Massive Iowa Legislature linkfest (post-funnel edition)

The Iowa Legislature has been moving at an unusually fast pace during the shortened 2010 session. It’s time to catch up on what’s happened at the statehouse over the past three weeks. From here on out I will try to post a legislative roundup at the end of every week.

February 12 was the first “funnel” deadline. In order to have a chance of moving forward in 2010, all legislation except for tax and appropriations bills must have cleared at least one Iowa House or Senate committee by the end of last Friday.

After the jump I’ve included links on lots of bills that have passed or are still under consideration, as well as bills I took an interest in that failed to clear the funnel. I have grouped bills by subject area. This post is not an exhaustive list; way too many bills are under consideration for me to discuss them all. I recommend this funnel day roundup by Rod Boshart for the Mason City Globe-Gazette.

Note: the Iowa legislature’s second funnel deadline is coming up on March 5. To remain alive after that point, all bills except tax and appropriations bills must have been approved by either the full House or Senate and by a committee in the opposite chamber. Many bills that cleared the first funnel week will die in the second.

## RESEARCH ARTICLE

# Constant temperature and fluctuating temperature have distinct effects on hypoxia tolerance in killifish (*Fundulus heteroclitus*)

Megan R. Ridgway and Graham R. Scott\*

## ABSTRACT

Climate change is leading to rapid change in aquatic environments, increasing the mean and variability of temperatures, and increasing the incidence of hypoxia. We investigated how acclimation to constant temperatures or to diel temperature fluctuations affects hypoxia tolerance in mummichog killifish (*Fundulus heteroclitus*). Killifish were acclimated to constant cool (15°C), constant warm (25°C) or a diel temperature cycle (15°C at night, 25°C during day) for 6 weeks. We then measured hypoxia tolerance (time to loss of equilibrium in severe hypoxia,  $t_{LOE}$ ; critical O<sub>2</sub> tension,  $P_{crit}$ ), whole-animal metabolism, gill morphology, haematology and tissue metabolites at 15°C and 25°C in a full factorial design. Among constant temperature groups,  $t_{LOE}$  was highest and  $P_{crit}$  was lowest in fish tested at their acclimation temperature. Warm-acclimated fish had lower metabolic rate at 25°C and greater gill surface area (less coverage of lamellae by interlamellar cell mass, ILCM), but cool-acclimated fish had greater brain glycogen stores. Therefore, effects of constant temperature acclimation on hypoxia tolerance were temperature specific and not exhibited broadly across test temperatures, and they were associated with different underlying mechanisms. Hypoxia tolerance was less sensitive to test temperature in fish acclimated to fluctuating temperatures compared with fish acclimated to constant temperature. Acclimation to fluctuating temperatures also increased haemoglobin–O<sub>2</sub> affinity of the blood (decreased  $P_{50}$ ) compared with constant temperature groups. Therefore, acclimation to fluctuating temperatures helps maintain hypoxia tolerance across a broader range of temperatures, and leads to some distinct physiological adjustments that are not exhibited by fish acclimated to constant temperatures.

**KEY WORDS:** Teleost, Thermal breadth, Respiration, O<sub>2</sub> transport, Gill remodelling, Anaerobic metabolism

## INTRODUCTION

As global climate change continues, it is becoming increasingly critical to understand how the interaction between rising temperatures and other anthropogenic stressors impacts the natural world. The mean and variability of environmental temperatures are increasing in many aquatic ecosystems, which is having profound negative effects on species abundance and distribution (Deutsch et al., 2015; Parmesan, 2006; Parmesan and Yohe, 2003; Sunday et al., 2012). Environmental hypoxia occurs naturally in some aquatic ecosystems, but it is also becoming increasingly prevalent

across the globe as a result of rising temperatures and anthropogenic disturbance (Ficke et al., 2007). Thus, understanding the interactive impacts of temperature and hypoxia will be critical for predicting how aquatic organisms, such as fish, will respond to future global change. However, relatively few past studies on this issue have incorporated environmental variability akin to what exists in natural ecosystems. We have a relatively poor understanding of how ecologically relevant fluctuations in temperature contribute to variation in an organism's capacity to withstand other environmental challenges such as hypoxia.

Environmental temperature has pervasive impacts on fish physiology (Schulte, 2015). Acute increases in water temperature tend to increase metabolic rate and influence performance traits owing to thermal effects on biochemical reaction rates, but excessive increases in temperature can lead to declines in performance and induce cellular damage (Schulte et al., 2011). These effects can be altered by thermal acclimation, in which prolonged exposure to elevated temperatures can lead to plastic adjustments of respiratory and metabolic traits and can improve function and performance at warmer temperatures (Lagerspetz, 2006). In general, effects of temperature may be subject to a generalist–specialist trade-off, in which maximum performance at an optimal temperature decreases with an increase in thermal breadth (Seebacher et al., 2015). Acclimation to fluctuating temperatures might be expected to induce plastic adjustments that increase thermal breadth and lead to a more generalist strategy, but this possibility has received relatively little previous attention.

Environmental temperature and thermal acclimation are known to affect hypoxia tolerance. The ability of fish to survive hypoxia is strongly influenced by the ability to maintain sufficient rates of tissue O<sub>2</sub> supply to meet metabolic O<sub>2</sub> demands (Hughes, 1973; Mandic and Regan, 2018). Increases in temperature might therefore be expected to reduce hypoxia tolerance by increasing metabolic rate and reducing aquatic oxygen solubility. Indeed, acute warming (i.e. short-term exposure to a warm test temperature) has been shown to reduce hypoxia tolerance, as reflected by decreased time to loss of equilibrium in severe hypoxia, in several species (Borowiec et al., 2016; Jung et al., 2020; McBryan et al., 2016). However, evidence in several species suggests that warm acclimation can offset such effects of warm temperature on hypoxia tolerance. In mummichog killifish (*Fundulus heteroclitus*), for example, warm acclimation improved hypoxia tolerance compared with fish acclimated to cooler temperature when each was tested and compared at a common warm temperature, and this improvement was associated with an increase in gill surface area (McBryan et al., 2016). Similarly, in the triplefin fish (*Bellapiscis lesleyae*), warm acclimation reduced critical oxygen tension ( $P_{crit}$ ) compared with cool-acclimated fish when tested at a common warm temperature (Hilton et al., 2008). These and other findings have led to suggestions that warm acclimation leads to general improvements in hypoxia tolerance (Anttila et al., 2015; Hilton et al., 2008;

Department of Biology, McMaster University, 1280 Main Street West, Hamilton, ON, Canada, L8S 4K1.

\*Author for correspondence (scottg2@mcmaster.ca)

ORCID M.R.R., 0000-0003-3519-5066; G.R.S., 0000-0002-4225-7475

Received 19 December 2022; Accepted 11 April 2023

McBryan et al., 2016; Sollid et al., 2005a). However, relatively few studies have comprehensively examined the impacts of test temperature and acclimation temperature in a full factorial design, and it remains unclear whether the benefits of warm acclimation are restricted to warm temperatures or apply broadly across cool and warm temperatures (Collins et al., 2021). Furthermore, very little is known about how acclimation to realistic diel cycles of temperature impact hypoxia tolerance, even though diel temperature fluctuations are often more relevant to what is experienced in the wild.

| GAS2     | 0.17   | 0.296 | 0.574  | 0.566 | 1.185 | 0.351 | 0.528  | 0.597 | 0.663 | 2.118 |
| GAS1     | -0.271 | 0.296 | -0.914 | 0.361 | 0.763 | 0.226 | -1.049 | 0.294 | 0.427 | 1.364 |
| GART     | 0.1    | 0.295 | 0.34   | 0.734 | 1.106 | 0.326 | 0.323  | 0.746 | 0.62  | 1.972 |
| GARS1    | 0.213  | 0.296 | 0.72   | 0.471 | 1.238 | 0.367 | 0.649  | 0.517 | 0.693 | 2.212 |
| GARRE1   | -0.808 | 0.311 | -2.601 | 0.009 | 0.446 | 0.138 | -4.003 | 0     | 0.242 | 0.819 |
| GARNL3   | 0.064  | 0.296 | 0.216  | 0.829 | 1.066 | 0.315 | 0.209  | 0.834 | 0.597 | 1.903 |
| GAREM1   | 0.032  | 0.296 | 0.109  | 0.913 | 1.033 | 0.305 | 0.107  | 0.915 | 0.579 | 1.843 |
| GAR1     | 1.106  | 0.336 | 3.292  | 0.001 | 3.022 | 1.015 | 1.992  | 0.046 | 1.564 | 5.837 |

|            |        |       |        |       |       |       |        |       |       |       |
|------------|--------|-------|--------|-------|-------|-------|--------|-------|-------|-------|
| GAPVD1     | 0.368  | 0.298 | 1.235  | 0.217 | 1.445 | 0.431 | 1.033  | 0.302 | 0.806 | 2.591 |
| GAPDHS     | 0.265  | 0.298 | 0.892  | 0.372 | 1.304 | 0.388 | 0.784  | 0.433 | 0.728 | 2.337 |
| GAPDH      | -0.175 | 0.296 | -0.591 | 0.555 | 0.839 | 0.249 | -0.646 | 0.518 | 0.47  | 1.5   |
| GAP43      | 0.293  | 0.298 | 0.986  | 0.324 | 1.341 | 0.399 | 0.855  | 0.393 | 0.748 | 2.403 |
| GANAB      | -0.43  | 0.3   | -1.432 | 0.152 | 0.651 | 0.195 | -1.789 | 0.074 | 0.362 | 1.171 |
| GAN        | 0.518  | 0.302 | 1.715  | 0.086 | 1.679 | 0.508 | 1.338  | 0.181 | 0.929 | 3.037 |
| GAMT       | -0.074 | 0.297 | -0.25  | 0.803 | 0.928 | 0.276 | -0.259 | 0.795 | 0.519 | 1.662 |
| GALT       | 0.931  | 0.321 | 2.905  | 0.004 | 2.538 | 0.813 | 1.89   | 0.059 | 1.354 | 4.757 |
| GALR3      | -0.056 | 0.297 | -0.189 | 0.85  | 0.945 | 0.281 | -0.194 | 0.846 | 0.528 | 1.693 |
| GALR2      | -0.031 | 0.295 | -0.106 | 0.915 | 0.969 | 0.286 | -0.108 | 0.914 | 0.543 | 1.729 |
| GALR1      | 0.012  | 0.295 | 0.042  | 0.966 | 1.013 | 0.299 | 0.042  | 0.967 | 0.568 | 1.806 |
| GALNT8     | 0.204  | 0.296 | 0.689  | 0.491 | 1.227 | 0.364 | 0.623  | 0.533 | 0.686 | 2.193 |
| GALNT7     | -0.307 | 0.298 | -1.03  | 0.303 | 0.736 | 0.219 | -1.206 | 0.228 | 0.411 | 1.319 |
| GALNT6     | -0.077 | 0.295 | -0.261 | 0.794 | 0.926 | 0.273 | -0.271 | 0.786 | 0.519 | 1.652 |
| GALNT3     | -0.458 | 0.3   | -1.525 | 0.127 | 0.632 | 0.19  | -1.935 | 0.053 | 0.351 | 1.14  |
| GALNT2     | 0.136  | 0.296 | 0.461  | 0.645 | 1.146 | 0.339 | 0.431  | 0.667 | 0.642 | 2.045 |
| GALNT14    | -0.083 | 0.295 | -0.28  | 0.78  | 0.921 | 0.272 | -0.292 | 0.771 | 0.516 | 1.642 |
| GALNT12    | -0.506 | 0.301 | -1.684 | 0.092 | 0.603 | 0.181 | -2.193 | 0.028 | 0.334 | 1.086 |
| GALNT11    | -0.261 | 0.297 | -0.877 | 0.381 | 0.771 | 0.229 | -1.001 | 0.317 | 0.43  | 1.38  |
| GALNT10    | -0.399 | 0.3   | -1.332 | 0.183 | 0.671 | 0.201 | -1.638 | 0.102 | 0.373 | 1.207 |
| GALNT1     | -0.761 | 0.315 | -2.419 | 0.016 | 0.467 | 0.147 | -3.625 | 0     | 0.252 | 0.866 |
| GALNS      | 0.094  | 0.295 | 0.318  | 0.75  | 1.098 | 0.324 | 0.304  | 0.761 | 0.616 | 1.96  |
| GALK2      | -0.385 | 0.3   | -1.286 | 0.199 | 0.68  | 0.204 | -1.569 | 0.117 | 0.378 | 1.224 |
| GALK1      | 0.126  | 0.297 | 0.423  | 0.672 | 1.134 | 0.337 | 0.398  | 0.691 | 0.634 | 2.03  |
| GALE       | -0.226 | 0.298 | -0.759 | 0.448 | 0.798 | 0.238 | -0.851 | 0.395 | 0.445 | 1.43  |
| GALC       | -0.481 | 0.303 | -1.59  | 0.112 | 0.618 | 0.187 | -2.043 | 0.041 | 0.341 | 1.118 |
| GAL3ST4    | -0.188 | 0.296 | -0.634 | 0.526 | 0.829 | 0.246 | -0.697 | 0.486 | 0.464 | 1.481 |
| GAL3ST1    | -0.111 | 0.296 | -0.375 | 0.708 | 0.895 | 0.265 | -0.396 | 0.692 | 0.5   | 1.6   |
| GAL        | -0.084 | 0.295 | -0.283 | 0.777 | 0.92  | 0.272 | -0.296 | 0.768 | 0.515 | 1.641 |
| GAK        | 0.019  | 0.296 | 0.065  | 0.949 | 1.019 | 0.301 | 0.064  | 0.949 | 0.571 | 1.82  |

Budget constraints are dominating this year’s shortened session, and Iowa House and Senate leaders released their fiscal year 2011 budget targets on February 17. You can find a link to a pdf file with all the numbers here. Iowa House Appropriations Committee Chair Jo Oldson emphasized that lawmakers plan to spend “less from the general fund next year than we did this year.” Senate Appropriations Committee Chair Bob Dvorsky said priorities will be helping middle-class Iowa families and small businesses “by helping create good-paying jobs across our state, expanding access to affordable health care and maintaining opportunities for a quality education for all Iowans.”